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Brexit seen to impact on PH exports

Gov’t economist sees slowing global trade
By: - Reporter / @bendeveraINQ
/ 12:48 AM June 30, 2016

The United Kingdom’s decision to leave the European Union is seen taking a toll on global trade such that Philippine exports would find it difficult to recover and drag economic growth this year, the Department of Finance’s chief economist warned Wednesday.

“Brexit has introduced financial and currency volatilities into the global economy, making the sailing a little rough for the Philippines. But the country, owing to its good macroeconomic fundamentals, is going to sail all right, Brexit headwinds notwithstanding,” Finance Undersecretary Gil S. Beltran said in an economic bulletin.

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However, Beltran said the higher end of the 6.8-7-8 percent gross domestic product (GDP) growth target range earlier set by the outgoing Aquino administration might be difficult to attain because external volatilities would delay the recovery of merchandise exports.

Even ahead of the Brexit vote, a fragile global economy has been dragging the country’s merchandise exports.

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Shipments of Philippine-made goods declined for the 13th consecutive month last April, bringing end-April exports down 7.3 percent year-on-year to $17.4 billion.

But National Economic and Development Authority (Neda) data nonetheless showed that merchandise exports and imports made up just 0.9 percent and 0.5 percent, respectively, of total two-way trade between the Philippines and the United Kingdom from 2010 to 2015.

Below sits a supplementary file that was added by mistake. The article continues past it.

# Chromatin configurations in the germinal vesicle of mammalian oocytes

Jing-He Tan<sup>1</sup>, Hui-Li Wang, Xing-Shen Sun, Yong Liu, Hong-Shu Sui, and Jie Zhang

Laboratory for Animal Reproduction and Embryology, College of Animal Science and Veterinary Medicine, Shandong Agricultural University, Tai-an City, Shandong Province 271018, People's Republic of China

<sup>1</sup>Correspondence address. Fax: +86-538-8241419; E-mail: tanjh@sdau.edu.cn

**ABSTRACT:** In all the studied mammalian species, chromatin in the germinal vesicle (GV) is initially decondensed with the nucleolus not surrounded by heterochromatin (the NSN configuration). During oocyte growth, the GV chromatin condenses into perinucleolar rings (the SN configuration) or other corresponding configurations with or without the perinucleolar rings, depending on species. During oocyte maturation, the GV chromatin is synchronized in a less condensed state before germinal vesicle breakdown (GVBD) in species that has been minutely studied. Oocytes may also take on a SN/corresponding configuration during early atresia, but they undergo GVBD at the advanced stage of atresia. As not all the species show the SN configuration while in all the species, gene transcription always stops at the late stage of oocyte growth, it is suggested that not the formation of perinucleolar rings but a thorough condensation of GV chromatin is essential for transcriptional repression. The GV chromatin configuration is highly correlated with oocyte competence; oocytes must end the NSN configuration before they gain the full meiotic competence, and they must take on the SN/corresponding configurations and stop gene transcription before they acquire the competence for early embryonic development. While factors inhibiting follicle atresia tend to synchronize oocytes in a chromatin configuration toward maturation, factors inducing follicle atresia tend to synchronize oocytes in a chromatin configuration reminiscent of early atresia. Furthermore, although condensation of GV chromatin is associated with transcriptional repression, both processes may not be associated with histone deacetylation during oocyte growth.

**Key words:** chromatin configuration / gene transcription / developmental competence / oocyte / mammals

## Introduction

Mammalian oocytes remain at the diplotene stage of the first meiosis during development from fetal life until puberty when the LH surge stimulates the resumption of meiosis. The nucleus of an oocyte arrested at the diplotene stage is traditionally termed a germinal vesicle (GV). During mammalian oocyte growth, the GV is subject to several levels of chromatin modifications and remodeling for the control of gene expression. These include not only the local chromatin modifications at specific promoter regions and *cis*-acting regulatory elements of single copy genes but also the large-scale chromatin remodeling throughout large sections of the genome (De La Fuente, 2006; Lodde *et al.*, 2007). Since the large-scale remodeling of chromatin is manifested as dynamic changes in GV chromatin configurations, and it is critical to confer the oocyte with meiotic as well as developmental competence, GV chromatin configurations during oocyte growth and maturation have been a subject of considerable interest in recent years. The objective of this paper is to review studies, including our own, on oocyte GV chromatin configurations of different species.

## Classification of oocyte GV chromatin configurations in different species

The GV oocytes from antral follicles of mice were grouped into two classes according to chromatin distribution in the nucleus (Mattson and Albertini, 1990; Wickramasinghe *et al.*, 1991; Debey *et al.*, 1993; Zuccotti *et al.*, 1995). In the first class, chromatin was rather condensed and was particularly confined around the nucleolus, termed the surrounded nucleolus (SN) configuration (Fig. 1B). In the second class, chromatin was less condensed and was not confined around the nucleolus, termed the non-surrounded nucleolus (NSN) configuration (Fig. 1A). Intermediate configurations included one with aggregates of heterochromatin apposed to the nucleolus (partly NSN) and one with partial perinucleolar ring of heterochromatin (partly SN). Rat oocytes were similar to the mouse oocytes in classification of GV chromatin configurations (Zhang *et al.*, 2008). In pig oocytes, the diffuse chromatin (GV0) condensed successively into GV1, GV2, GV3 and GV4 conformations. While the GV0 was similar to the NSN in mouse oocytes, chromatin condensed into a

Economic managers of the incoming Duterte administration, meanwhile, had said that economic growth this year might settle at 6.5 percent, below the outgoing administration’s target range.

As a whole, the Philippines would weather the jitters to be brought by Brexit’s aftermath, Beltran said.

“The longer-term horizon is of greater importance for the Philippines. The World Bank, for example, has stated early this year that the Philippine economy is among the most robust in the region despite weakening global trade and a slowing down Chinese economy. This assessment is still true in the face of Brexit because of the country’s good macroeconomic fundamentals supported by robust domestic consumption,” Beltran pointed out.

Also, Beltran noted that the country’s  fiscal position remained healthy, citing that since the national government debt was largely peso-denominated, the adverse impact from exchange rate risks as a result of Brexit would be minimal.

“Fiscal discipline has also kept the deficit at low levels. The country is in a fiscal position for a more expansionary fiscal policy, not for stimulating consumption, however, as in the case of advanced economies in the aftermath of the 2008-2009 global financial crisis, but for investment in both physical and human capital,” Beltran added.

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“The country’s external position is also strong, with robust overseas Filipino workers’ remittances and business process outsourcing revenues, only a minimal portion of which originates from UK,” according to Beltran.

Cash sent home by Filipinos living or working in the UK accounted for just 5.3 percent on the average between 2010 and 2015 period, although inflows had been growing by 9.5 percent, Neda data showed.

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